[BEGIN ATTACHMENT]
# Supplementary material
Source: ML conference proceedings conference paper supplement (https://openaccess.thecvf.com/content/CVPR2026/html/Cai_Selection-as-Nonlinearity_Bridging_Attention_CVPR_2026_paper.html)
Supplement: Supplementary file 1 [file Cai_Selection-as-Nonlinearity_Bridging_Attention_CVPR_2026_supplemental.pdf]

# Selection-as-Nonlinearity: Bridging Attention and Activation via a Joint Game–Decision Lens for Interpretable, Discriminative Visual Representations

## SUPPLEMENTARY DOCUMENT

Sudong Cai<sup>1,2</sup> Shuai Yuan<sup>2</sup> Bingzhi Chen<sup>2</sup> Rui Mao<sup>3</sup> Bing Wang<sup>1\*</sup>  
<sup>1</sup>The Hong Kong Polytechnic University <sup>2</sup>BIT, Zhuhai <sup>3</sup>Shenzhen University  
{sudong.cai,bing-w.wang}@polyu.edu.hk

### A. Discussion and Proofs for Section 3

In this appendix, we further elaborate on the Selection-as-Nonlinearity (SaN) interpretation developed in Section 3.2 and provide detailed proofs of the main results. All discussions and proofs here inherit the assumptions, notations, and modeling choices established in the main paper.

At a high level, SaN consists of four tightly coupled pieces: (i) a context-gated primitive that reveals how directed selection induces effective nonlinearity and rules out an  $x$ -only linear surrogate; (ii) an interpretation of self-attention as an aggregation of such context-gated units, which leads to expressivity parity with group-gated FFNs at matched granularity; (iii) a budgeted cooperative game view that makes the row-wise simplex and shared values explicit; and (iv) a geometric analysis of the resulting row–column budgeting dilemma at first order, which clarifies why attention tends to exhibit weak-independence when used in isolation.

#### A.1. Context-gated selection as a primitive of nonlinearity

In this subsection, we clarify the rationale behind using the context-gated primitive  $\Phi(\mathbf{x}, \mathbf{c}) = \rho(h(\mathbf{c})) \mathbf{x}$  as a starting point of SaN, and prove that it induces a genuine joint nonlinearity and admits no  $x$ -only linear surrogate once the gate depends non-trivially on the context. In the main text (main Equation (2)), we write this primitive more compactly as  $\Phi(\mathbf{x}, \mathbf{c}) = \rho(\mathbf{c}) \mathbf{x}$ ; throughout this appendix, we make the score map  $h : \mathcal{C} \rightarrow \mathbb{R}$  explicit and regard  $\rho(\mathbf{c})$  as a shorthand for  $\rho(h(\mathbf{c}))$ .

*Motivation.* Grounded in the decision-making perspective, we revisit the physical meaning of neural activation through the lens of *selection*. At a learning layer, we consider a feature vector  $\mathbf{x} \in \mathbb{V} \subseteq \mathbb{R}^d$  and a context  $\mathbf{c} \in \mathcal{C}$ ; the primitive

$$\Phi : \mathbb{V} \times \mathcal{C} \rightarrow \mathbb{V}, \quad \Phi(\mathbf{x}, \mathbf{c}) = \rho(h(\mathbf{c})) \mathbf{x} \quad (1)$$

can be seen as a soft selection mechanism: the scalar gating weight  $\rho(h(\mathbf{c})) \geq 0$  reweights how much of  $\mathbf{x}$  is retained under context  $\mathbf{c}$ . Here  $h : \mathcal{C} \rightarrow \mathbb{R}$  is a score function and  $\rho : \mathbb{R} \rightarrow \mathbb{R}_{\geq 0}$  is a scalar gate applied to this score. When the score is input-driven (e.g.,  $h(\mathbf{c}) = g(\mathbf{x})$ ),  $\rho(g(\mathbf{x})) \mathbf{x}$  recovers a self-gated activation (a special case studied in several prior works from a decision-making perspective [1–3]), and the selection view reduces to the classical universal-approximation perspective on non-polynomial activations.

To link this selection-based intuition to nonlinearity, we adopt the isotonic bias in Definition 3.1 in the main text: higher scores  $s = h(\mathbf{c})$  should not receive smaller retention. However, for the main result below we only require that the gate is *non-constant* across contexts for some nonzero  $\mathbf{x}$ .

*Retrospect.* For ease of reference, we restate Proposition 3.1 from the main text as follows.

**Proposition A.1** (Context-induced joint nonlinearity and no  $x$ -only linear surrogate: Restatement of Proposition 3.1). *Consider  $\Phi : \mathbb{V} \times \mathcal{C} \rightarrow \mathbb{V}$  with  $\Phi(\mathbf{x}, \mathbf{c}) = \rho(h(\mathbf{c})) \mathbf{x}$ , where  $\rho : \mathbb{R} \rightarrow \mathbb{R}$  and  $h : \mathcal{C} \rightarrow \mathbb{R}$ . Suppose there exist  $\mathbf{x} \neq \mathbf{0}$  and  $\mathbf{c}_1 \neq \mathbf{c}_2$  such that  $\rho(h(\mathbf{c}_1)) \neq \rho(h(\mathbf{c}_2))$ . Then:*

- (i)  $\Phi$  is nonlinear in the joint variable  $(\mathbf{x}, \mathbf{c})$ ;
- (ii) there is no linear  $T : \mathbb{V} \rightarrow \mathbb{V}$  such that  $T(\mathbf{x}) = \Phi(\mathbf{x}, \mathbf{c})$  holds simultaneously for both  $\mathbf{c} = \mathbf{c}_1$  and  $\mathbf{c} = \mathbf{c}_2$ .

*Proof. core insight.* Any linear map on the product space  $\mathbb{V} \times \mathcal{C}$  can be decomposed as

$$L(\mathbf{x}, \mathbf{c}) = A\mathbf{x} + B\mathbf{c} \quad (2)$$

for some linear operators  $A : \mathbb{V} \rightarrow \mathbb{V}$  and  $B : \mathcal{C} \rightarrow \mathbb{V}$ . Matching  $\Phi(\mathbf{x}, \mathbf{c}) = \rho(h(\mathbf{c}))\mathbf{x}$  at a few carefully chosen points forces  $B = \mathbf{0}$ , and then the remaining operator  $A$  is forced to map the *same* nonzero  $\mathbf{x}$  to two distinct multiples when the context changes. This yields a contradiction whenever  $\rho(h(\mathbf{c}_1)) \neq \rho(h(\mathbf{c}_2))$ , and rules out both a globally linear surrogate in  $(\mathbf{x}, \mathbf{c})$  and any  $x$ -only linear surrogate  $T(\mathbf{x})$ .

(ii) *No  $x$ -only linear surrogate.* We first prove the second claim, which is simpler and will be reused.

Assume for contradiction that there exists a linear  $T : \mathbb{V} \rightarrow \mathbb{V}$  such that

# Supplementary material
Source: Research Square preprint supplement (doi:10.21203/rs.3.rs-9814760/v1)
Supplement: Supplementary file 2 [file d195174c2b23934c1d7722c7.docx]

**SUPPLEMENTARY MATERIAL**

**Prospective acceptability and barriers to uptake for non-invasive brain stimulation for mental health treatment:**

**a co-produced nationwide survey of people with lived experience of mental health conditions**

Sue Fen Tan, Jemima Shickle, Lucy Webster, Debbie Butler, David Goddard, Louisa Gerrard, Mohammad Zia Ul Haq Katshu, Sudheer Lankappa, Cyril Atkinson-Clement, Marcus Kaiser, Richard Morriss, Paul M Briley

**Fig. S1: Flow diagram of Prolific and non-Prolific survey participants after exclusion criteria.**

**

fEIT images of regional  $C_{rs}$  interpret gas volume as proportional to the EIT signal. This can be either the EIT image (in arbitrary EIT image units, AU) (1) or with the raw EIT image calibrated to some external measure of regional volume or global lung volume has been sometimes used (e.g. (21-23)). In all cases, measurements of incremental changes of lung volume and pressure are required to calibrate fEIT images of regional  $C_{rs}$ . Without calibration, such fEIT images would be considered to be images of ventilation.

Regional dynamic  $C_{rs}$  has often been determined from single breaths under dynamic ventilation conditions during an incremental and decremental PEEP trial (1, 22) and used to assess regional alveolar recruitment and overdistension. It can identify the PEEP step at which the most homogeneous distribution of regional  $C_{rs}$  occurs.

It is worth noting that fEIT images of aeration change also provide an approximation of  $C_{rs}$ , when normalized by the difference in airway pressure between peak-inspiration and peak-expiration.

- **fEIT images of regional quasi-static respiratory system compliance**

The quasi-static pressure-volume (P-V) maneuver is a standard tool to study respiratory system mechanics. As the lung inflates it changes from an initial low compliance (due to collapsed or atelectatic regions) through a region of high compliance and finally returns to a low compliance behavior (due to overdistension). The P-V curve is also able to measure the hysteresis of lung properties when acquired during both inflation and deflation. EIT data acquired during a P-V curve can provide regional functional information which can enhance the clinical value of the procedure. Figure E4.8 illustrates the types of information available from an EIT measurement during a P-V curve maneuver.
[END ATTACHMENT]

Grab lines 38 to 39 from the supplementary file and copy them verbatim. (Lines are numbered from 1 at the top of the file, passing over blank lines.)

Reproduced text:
It is worth noting that fEIT images of aeration change also provide an approximation of  $C_{rs}$ , when normalized by the difference in airway pressure between peak-inspiration and peak-expiration.

- **fEIT images of regional quasi-static respiratory system compliance**